Day 084 - Growing batteries

Submitted by Sam on 13 August, 2011 - 02:11

Angela Belcher is a materials scientist at MIT. As a graduate student at the University of California, she elucidated the molecular assembly system by which certain molluscs create their protective shells. Shells like those of the abalone sea snail which she studied are biocomposite materials made from both organic protein (2% of the shell's mass) and inorganic calcium carbonate (98% by mass), and are created by the action of proteins encoded by genes. These particular proteins are negatively charged, and pull positively charged calcium ions from the snail's environment into layers which accrete between the proteins, forming a structure thousands of times stronger than the individual materials that compose it – abalone shells are much tougher and stronger than chalk, for instance, which is also made from calcium carbonate.

Fascinated by the interaction between living protein and its control of calcium to create a nano-engineered shell – all specified by a certain DNA sequence – Belcher recognized that any element from the periodic table could theoretically be manipulated by a corresponding DNA sequence into forming any kind of structure. By finding the appropriate DNA code, these structures could hypothetically be created from materials natural evolution had never before worked with, and coaxed into shapes never naturally occurring.

With the goal of creating DNA sequences that could code for the synthesis of any useful material, Belcher and her team started by genetically engineering a long, tubular virus through a process of selective evolution to coat itself with inorganic materials including gold and cobalt oxide. The long viruses now formed tiny lengths of nanowire, which the group was able to engineer together in 2009 to form the basic components of a powerful and compact battery. These new batteries, specified by genes that produce proteins that manipulate inorganic materials, have the same energy capacity as the latest batteries specified for powering hybrid cars.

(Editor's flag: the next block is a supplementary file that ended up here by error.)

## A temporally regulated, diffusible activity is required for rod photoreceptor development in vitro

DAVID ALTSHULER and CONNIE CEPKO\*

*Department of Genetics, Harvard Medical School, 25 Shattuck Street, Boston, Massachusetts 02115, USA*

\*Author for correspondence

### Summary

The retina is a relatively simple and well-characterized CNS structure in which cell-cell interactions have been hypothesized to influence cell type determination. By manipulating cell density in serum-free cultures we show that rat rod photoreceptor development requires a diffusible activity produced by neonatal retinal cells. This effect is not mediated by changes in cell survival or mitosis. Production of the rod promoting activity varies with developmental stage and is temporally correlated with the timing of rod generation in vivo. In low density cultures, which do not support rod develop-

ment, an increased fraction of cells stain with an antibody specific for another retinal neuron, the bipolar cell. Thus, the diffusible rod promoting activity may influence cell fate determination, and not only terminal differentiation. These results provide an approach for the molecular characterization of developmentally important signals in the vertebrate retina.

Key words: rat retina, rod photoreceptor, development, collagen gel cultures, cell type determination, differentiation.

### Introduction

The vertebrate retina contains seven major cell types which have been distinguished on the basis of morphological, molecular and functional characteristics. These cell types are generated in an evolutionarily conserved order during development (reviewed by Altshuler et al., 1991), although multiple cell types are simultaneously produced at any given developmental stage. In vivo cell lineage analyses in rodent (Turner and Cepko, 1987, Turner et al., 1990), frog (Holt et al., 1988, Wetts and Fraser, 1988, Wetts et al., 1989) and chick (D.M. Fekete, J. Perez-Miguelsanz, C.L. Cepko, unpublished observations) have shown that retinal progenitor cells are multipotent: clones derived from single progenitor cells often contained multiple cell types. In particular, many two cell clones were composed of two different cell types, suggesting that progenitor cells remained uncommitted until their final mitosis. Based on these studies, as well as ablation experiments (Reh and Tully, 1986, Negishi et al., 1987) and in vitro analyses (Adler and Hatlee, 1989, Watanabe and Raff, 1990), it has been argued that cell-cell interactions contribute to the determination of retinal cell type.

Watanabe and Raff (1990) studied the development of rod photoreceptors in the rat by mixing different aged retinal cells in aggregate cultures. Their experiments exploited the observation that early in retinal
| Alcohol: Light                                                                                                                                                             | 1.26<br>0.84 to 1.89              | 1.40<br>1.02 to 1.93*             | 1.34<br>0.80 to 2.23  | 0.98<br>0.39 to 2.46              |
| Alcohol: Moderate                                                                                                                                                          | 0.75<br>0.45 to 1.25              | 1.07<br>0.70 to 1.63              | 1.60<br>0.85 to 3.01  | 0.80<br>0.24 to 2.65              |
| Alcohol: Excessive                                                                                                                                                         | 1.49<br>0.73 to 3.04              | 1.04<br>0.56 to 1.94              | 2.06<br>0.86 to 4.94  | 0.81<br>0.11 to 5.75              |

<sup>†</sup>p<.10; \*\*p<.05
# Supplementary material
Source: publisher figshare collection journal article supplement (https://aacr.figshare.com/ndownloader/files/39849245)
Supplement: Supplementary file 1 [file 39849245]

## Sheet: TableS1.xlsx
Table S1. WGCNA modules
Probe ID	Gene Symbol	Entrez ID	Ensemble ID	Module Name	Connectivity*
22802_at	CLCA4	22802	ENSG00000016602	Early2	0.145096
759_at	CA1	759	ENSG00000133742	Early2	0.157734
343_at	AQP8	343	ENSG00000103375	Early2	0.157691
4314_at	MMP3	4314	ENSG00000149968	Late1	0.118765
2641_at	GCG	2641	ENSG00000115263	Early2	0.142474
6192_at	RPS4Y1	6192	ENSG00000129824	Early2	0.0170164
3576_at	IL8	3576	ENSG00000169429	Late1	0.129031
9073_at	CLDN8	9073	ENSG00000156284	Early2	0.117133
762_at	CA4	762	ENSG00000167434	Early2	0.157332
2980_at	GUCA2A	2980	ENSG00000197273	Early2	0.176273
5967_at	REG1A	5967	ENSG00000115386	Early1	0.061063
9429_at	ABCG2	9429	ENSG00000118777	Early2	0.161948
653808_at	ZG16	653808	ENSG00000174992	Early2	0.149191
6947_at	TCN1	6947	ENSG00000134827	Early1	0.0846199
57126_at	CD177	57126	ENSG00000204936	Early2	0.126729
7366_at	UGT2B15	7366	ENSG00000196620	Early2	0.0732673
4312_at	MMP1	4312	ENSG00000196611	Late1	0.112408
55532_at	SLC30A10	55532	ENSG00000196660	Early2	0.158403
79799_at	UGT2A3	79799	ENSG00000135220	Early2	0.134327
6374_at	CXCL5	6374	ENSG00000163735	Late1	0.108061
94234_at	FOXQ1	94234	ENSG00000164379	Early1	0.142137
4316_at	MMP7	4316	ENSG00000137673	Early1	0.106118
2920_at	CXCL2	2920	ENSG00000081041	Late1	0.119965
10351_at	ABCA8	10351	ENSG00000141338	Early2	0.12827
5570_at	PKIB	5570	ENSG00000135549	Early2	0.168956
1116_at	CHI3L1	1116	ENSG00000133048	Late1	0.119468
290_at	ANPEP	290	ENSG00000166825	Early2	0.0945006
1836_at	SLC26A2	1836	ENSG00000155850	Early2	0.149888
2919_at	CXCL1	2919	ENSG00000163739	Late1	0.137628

Whilst conventional batteries generate a lot of waste during production and contain harmful materials that make clean and safe disposal a problem, the genetically engineered viral batteries produce practically no waste, growing themselves through an environmentally friendly process at room temperature, using only water as a solvent. As they are grown on an organic substrate, they are also at least partially biodegradable.

This kind of work synthesizes expertise from several disciplines, using the power of genetic engineering to produce nanotechnology applicable to the electronic world. Belcher's work shows the viability of repurposing biological processes for the construction and control of (largely) inorganic structures like virally-grown and evolutionary optimized batteries and solar cells, grown through energy-efficient and environmentally-friendly processes.

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